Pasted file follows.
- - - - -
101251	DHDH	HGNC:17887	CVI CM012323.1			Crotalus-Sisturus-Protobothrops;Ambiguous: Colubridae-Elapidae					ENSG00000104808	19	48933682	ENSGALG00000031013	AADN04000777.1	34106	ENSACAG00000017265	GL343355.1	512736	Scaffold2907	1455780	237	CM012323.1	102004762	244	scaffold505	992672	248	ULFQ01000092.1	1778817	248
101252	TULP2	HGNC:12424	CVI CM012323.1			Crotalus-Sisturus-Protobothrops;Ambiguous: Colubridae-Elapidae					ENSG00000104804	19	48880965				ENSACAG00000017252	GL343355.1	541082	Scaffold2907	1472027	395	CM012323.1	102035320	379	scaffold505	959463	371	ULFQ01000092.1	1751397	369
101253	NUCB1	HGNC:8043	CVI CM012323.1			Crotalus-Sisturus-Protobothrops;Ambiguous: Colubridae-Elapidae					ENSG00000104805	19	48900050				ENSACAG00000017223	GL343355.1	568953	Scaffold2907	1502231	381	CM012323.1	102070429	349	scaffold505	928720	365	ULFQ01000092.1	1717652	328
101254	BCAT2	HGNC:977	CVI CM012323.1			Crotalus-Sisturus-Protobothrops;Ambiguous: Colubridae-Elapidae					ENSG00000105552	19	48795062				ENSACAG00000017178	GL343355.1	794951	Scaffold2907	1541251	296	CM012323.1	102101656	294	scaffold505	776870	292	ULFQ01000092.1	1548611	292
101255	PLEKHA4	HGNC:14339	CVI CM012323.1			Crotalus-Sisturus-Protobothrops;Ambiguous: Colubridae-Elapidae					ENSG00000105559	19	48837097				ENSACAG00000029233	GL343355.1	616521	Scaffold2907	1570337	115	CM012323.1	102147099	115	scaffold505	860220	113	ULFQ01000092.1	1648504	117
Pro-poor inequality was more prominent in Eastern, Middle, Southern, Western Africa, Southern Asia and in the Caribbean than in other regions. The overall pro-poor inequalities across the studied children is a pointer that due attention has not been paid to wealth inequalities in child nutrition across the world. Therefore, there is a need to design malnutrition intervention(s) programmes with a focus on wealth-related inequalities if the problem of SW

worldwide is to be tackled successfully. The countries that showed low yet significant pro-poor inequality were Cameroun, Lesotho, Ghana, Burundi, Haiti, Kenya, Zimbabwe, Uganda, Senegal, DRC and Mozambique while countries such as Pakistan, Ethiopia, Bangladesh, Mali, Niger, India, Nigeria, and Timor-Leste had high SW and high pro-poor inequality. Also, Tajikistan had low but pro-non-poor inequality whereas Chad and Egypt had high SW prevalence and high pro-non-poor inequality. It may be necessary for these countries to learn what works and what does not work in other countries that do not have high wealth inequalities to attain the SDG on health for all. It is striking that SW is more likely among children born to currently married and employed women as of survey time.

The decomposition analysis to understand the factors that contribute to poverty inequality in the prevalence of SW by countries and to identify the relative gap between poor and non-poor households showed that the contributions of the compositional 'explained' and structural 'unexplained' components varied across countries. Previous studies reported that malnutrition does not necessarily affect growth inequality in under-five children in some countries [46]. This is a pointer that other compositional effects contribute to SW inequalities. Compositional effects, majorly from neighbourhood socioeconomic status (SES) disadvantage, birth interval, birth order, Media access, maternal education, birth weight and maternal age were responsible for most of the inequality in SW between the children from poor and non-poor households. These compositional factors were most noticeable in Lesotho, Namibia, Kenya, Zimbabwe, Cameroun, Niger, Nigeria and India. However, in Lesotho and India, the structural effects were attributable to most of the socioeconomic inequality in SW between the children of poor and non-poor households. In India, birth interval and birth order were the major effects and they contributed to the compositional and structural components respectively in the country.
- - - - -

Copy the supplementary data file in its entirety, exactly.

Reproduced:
101251	DHDH	HGNC:17887	CVI CM012323.1			Crotalus-Sisturus-Protobothrops;Ambiguous: Colubridae-Elapidae					ENSG00000104808	19	48933682	ENSGALG00000031013	AADN04000777.1	34106	ENSACAG00000017265	GL343355.1	512736	Scaffold2907	1455780	237	CM012323.1	102004762	244	scaffold505	992672	248	ULFQ01000092.1	1778817	248
101252	TULP2	HGNC:12424	CVI CM012323.1			Crotalus-Sisturus-Protobothrops;Ambiguous: Colubridae-Elapidae					ENSG00000104804	19	48880965				ENSACAG00000017252	GL343355.1	541082	Scaffold2907	1472027	395	CM012323.1	102035320	379	scaffold505	959463	371	ULFQ01000092.1	1751397	369
101253	NUCB1	HGNC:8043	CVI CM012323.1			Crotalus-Sisturus-Protobothrops;Ambiguous: Colubridae-Elapidae					ENSG00000104805	19	48900050				ENSACAG00000017223	GL343355.1	568953	Scaffold2907	1502231	381	CM012323.1	102070429	349	scaffold505	928720	365	ULFQ01000092.1	1717652	328
101254	BCAT2	HGNC:977	CVI CM012323.1			Crotalus-Sisturus-Protobothrops;Ambiguous: Colubridae-Elapidae					ENSG00000105552	19	48795062				ENSACAG00000017178	GL343355.1	794951	Scaffold2907	1541251	296	CM012323.1	102101656	294	scaffold505	776870	292	ULFQ01000092.1	1548611	292
101255	PLEKHA4	HGNC:14339	CVI CM012323.1			Crotalus-Sisturus-Protobothrops;Ambiguous: Colubridae-Elapidae					ENSG00000105559	19	48837097				ENSACAG00000029233	GL343355.1	616521	Scaffold2907	1570337	115	CM012323.1	102147099	115	scaffold505	860220	113	ULFQ01000092.1	1648504	117
Pro-poor inequality was more prominent in Eastern, Middle, Southern, Western Africa, Southern Asia and in the Caribbean than in other regions. The overall pro-poor inequalities across the studied children is a pointer that due attention has not been paid to wealth inequalities in child nutrition across the world. Therefore, there is a need to design malnutrition intervention(s) programmes with a focus on wealth-related inequalities if the problem of SW

worldwide is to be tackled successfully. The countries that showed low yet significant pro-poor inequality were Cameroun, Lesotho, Ghana, Burundi, Haiti, Kenya, Zimbabwe, Uganda, Senegal, DRC and Mozambique while countries such as Pakistan, Ethiopia, Bangladesh, Mali, Niger, India, Nigeria, and Timor-Leste had high SW and high pro-poor inequality. Also, Tajikistan had low but pro-non-poor inequality whereas Chad and Egypt had high SW prevalence and high pro-non-poor inequality. It may be necessary for these countries to learn what works and what does not work in other countries that do not have high wealth inequalities to attain the SDG on health for all. It is striking that SW is more likely among children born to currently married and employed women as of survey time.

The decomposition analysis to understand the factors that contribute to poverty inequality in the prevalence of SW by countries and to identify the relative gap between poor and non-poor households showed that the contributions of the compositional 'explained' and structural 'unexplained' components varied across countries. Previous studies reported that malnutrition does not necessarily affect growth inequality in under-five children in some countries [46]. This is a pointer that other compositional effects contribute to SW inequalities. Compositional effects, majorly from neighbourhood socioeconomic status (SES) disadvantage, birth interval, birth order, Media access, maternal education, birth weight and maternal age were responsible for most of the inequality in SW between the children from poor and non-poor households. These compositional factors were most noticeable in Lesotho, Namibia, Kenya, Zimbabwe, Cameroun, Niger, Nigeria and India. However, in Lesotho and India, the structural effects were attributable to most of the socioeconomic inequality in SW between the children of poor and non-poor households. In India, birth interval and birth order were the major effects and they contributed to the compositional and structural components respectively in the country.